Surirella tenera

Gregory 1856      Category: Surirelloid
BASIONYM: Surirella tenera W. Gregory 1856
SYNONYM(S): Surirella robusta var. tenera (Gregory) Van Heurck 1885 

Surirella suecica

 

Surirella terryi

LM scalebar = 10 µm = 20 pixels.



Observations

Contributor: Tahmineh Rouzbahani - June 2016
Length Range: 75-135 µm
Width Range: 24.0-31.5 µm
Striae in 10 µm:

Description

Valves are heteropolar, with a rounded headpole and cuneate footpole. Frustules may have a slight torsion about the apical axis. Length to width ratio is 3-4:1. A narrow-lanceolate hyaline axial area is present in the center of the valve, along the apical axis. Porcae, or transapical undulations, are usually positioned opposite each other, on either side of the apical axis. There are transapical depressions between porcae along the apical axis from headpole to footpole, forming a distinct corrugated pattern. Porcae are radiate at the apices. An alar wing is evident in girdle view. The raphe is placed in a raised canal and the canal appears about as wide as the fenestrae, which number 18-26 in 100 μm. The raphe is situated atop a raised keel, or alar wing, around the valve margin. Alar canals are visible as hollow openings associated with the porcae along the margin between the valve face and the advalvar side of the raphe system.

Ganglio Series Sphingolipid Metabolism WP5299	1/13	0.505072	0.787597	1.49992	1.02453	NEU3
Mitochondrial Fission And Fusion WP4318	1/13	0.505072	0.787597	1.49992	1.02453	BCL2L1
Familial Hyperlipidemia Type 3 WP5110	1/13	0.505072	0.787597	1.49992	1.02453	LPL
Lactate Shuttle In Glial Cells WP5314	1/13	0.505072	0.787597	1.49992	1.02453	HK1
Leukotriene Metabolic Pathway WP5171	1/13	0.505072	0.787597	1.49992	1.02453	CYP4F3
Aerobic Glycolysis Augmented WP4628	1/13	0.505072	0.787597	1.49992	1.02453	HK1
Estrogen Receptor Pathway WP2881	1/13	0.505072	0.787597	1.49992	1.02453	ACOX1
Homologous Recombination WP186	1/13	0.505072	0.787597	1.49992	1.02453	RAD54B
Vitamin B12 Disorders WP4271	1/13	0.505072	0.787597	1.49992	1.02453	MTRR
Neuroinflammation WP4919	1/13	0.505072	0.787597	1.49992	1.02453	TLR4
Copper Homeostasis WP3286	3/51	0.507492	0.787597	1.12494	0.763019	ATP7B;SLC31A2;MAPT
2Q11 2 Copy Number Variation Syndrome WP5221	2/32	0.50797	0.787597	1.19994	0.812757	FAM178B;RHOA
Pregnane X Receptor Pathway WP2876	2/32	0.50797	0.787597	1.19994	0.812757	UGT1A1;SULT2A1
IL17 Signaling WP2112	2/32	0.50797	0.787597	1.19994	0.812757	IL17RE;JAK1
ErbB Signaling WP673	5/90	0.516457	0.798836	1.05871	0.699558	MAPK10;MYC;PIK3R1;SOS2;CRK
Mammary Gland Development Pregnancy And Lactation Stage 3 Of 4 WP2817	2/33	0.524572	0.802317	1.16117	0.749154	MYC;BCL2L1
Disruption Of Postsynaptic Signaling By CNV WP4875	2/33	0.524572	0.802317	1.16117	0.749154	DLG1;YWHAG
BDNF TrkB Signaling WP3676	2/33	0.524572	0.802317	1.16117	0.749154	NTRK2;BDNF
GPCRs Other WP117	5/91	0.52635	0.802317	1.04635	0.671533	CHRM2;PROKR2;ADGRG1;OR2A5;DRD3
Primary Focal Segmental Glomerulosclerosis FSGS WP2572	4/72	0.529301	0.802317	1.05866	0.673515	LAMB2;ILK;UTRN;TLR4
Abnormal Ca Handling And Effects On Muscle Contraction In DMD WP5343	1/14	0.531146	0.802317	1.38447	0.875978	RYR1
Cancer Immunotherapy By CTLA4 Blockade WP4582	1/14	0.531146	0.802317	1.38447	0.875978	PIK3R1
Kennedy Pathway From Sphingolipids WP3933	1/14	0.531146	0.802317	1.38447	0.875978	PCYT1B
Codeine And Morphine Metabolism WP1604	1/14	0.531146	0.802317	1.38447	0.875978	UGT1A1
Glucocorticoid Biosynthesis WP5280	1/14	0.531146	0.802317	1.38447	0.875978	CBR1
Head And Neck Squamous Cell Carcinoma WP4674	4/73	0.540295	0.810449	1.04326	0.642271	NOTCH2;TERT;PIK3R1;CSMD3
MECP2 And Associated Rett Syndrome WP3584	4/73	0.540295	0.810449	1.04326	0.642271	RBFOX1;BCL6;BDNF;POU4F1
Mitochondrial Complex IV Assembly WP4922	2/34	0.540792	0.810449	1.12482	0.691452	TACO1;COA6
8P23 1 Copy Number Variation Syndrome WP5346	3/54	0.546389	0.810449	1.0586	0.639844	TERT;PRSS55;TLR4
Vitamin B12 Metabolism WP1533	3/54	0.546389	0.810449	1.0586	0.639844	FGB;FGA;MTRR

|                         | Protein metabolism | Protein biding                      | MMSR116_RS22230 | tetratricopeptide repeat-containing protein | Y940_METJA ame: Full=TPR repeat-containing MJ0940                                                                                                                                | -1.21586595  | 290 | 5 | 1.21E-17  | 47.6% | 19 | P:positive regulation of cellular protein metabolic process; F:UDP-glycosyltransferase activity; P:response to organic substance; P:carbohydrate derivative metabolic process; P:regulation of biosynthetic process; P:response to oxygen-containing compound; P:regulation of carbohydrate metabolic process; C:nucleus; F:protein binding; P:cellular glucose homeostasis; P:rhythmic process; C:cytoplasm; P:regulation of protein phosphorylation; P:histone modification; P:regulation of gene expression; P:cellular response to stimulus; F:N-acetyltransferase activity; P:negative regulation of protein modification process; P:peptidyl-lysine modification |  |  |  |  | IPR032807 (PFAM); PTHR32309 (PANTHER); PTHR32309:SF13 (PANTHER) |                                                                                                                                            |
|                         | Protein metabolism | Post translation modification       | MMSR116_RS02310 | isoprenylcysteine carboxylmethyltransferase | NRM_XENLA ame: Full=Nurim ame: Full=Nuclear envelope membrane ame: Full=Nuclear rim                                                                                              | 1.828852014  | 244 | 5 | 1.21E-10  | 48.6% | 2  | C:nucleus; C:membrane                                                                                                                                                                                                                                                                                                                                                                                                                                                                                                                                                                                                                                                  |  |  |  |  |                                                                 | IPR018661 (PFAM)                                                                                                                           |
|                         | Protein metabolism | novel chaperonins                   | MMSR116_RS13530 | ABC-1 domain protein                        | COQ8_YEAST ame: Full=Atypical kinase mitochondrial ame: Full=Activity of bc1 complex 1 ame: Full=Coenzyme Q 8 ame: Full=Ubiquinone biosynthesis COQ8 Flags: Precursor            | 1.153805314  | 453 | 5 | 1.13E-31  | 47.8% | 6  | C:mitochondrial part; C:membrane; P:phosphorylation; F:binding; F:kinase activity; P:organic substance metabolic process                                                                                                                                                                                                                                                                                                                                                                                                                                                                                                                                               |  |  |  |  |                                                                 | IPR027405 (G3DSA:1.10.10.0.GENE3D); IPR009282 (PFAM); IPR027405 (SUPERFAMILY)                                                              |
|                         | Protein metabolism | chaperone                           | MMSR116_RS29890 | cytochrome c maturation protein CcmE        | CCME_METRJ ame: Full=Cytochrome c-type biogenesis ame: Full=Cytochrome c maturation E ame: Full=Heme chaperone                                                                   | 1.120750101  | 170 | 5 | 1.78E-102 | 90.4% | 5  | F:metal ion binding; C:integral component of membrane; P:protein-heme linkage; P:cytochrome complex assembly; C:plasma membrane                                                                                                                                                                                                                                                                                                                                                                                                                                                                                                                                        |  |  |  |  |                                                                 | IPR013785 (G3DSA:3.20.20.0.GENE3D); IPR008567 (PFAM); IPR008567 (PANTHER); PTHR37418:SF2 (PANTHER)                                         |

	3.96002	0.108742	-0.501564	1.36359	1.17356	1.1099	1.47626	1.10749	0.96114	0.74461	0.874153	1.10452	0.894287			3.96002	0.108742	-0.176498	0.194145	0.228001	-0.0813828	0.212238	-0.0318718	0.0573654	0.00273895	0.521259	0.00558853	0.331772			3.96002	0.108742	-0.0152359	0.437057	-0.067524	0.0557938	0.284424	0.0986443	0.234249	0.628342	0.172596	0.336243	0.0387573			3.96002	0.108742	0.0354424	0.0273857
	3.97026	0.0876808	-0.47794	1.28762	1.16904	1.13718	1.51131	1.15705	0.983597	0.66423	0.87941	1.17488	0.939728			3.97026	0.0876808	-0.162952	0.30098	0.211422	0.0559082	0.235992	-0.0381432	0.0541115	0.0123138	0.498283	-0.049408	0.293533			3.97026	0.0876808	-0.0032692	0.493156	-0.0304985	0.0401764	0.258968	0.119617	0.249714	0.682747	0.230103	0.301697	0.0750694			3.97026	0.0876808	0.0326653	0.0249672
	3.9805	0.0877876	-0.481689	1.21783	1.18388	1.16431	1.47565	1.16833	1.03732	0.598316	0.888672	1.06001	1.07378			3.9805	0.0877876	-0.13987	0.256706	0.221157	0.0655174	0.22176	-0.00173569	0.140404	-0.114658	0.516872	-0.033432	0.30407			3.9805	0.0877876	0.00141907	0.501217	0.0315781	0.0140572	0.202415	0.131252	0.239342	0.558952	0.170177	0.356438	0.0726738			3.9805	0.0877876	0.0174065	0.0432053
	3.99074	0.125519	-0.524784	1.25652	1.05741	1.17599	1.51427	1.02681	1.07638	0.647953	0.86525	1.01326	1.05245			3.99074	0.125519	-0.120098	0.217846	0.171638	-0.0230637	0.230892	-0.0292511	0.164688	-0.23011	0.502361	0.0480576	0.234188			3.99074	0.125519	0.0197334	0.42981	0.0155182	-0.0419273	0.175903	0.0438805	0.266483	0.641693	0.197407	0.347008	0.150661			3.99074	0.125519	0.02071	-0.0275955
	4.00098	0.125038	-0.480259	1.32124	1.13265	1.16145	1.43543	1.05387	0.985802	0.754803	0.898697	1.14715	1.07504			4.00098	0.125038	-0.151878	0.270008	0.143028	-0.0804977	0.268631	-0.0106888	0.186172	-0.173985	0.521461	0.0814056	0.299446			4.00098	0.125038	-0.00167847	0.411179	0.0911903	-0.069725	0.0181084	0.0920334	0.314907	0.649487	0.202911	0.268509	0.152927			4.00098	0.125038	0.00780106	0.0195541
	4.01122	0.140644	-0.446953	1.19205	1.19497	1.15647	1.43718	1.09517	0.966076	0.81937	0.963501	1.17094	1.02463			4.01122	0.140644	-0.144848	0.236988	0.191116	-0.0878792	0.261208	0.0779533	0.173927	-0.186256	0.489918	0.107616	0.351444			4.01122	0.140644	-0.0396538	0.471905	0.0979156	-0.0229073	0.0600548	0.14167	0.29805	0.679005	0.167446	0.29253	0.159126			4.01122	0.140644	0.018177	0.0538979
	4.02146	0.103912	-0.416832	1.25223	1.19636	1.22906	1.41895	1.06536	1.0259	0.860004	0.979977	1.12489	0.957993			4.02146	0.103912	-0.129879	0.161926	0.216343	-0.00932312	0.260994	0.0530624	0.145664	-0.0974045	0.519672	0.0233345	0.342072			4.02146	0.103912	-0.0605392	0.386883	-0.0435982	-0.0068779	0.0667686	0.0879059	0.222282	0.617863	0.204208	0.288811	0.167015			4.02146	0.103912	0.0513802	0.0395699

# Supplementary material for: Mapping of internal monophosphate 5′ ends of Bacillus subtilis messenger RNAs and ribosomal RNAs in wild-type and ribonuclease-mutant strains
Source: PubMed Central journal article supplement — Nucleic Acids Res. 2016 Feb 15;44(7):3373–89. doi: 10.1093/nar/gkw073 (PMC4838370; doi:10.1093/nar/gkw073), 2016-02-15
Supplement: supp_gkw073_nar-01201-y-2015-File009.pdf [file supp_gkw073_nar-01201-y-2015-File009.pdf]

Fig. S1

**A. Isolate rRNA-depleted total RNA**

Original Description

Basionym: Surirella tenera
Author: W. Gregory 1856
Length Range: 75-135 µm
Width Range: 24-31 µm
Striae in 10 µm:

Original Description

  1. Surirella tenera ? W. G.– This pretty form occurs in the Elchies gathering, where it is frequent, along with S. biseriata and S. nobilis, so that it can be at once distinguished from them. It has exactly the form of S. nobilis but is smaller and rather narrower in proportion. It differs from S. biseriata in having one end round, the other acute. From both of these species it differs still more in the fact of having its canaliculi very much narrower and more numerous. Its length is from 0.003 to 0.005 inch. Canaliculi fine, about 10 in 0.001 inch. It is possible that it may be the perfectly developed S. linearis, but I have not as yet been able to ascertain this.

Original Images


Cite This Page:
Rouzbahani, T. (2016). Surirella tenera. In Diatoms of the United States. Retrieved April 27, 2017, from http://westerndiatoms.colorado.edu/taxa/species/surirella_tenera

Species: Surirella tenera

Contributor: Tahmineh Rouzbahani

Reviewer: Mark Edlund

Citations

Foged, N. (1981). Diatoms in Alaska. Bibliotheca Phycologica, Band 53, J. Cramer, Vaduz, 317 pp.